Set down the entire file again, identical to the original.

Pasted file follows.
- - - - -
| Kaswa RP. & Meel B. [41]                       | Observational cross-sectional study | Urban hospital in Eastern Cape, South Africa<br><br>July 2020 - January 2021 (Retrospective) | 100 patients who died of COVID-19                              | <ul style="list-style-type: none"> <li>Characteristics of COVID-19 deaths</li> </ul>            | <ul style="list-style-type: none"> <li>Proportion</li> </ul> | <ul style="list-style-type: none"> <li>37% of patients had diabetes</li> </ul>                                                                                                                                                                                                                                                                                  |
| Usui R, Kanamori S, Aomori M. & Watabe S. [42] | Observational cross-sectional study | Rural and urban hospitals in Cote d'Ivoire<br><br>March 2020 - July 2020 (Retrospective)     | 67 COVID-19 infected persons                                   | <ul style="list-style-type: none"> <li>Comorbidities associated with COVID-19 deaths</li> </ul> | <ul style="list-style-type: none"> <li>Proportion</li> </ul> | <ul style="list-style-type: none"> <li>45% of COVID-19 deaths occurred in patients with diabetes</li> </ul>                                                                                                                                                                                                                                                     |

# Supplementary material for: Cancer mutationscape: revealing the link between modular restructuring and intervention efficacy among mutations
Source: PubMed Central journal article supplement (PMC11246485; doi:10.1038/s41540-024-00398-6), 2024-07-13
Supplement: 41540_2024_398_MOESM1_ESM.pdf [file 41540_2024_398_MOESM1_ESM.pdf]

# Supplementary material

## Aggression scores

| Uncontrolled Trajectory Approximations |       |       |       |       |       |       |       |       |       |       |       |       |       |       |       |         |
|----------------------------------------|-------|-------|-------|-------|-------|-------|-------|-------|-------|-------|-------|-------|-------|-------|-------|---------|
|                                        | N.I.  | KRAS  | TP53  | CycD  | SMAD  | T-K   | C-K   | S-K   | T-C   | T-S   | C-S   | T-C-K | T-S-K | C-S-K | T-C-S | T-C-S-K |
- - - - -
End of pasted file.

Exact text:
| Kaswa RP. & Meel B. [41]                       | Observational cross-sectional study | Urban hospital in Eastern Cape, South Africa<br><br>July 2020 - January 2021 (Retrospective) | 100 patients who died of COVID-19                              | <ul style="list-style-type: none"> <li>Characteristics of COVID-19 deaths</li> </ul>            | <ul style="list-style-type: none"> <li>Proportion</li> </ul> | <ul style="list-style-type: none"> <li>37% of patients had diabetes</li> </ul>                                                                                                                                                                                                                                                                                  |
| Usui R, Kanamori S, Aomori M. & Watabe S. [42] | Observational cross-sectional study | Rural and urban hospitals in Cote d'Ivoire<br><br>March 2020 - July 2020 (Retrospective)     | 67 COVID-19 infected persons                                   | <ul style="list-style-type: none"> <li>Comorbidities associated with COVID-19 deaths</li> </ul> | <ul style="list-style-type: none"> <li>Proportion</li> </ul> | <ul style="list-style-type: none"> <li>45% of COVID-19 deaths occurred in patients with diabetes</li> </ul>                                                                                                                                                                                                                                                     |

# Supplementary material for: Cancer mutationscape: revealing the link between modular restructuring and intervention efficacy among mutations
Source: PubMed Central journal article supplement (PMC11246485; doi:10.1038/s41540-024-00398-6), 2024-07-13
Supplement: 41540_2024_398_MOESM1_ESM.pdf [file 41540_2024_398_MOESM1_ESM.pdf]

# Supplementary material

## Aggression scores

| Uncontrolled Trajectory Approximations |       |       |       |       |       |       |       |       |       |       |       |       |       |       |       |         |
|----------------------------------------|-------|-------|-------|-------|-------|-------|-------|-------|-------|-------|-------|-------|-------|-------|-------|---------|
|                                        | N.I.  | KRAS  | TP53  | CycD  | SMAD  | T-K   | C-K   | S-K   | T-C   | T-S   | C-S   | T-C-K | T-S-K | C-S-K | T-C-S | T-C-S-K |